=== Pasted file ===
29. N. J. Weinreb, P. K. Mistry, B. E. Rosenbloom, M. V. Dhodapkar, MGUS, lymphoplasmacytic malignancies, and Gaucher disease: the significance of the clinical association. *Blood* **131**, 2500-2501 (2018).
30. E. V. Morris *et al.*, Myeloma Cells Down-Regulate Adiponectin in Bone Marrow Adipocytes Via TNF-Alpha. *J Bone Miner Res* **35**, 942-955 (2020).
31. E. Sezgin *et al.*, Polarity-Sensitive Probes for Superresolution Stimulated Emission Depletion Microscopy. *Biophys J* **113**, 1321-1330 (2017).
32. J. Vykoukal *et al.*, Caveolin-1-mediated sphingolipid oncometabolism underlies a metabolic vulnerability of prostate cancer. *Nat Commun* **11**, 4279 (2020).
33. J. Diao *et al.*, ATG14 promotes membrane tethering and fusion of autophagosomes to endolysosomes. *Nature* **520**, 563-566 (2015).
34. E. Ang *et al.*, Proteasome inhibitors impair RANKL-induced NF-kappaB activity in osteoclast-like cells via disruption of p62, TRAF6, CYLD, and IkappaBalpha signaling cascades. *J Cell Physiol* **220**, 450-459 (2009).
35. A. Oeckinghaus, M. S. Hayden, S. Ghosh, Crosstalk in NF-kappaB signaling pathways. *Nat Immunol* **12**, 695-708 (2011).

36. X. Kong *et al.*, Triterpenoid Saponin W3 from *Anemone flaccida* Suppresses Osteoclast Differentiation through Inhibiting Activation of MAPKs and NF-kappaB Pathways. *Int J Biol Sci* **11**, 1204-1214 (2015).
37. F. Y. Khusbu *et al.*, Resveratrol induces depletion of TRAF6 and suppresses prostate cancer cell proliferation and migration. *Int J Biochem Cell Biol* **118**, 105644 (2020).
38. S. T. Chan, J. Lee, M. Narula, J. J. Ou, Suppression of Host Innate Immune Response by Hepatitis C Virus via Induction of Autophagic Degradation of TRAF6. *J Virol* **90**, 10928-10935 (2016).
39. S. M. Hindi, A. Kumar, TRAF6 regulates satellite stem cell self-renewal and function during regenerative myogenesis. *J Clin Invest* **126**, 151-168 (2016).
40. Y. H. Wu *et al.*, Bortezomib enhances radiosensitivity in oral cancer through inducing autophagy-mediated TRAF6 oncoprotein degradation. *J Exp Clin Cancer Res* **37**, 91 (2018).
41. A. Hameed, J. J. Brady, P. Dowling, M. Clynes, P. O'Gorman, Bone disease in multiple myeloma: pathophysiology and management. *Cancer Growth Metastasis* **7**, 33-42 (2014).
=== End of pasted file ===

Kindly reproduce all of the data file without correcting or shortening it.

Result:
29. N. J. Weinreb, P. K. Mistry, B. E. Rosenbloom, M. V. Dhodapkar, MGUS, lymphoplasmacytic malignancies, and Gaucher disease: the significance of the clinical association. *Blood* **131**, 2500-2501 (2018).
30. E. V. Morris *et al.*, Myeloma Cells Down-Regulate Adiponectin in Bone Marrow Adipocytes Via TNF-Alpha. *J Bone Miner Res* **35**, 942-955 (2020).
31. E. Sezgin *et al.*, Polarity-Sensitive Probes for Superresolution Stimulated Emission Depletion Microscopy. *Biophys J* **113**, 1321-1330 (2017).
32. J. Vykoukal *et al.*, Caveolin-1-mediated sphingolipid oncometabolism underlies a metabolic vulnerability of prostate cancer. *Nat Commun* **11**, 4279 (2020).
33. J. Diao *et al.*, ATG14 promotes membrane tethering and fusion of autophagosomes to endolysosomes. *Nature* **520**, 563-566 (2015).
34. E. Ang *et al.*, Proteasome inhibitors impair RANKL-induced NF-kappaB activity in osteoclast-like cells via disruption of p62, TRAF6, CYLD, and IkappaBalpha signaling cascades. *J Cell Physiol* **220**, 450-459 (2009).
35. A. Oeckinghaus, M. S. Hayden, S. Ghosh, Crosstalk in NF-kappaB signaling pathways. *Nat Immunol* **12**, 695-708 (2011).

36. X. Kong *et al.*, Triterpenoid Saponin W3 from *Anemone flaccida* Suppresses Osteoclast Differentiation through Inhibiting Activation of MAPKs and NF-kappaB Pathways. *Int J Biol Sci* **11**, 1204-1214 (2015).
37. F. Y. Khusbu *et al.*, Resveratrol induces depletion of TRAF6 and suppresses prostate cancer cell proliferation and migration. *Int J Biochem Cell Biol* **118**, 105644 (2020).
38. S. T. Chan, J. Lee, M. Narula, J. J. Ou, Suppression of Host Innate Immune Response by Hepatitis C Virus via Induction of Autophagic Degradation of TRAF6. *J Virol* **90**, 10928-10935 (2016).
39. S. M. Hindi, A. Kumar, TRAF6 regulates satellite stem cell self-renewal and function during regenerative myogenesis. *J Clin Invest* **126**, 151-168 (2016).
40. Y. H. Wu *et al.*, Bortezomib enhances radiosensitivity in oral cancer through inducing autophagy-mediated TRAF6 oncoprotein degradation. *J Exp Clin Cancer Res* **37**, 91 (2018).
41. A. Hameed, J. J. Brady, P. Dowling, M. Clynes, P. O'Gorman, Bone disease in multiple myeloma: pathophysiology and management. *Cancer Growth Metastasis* **7**, 33-42 (2014).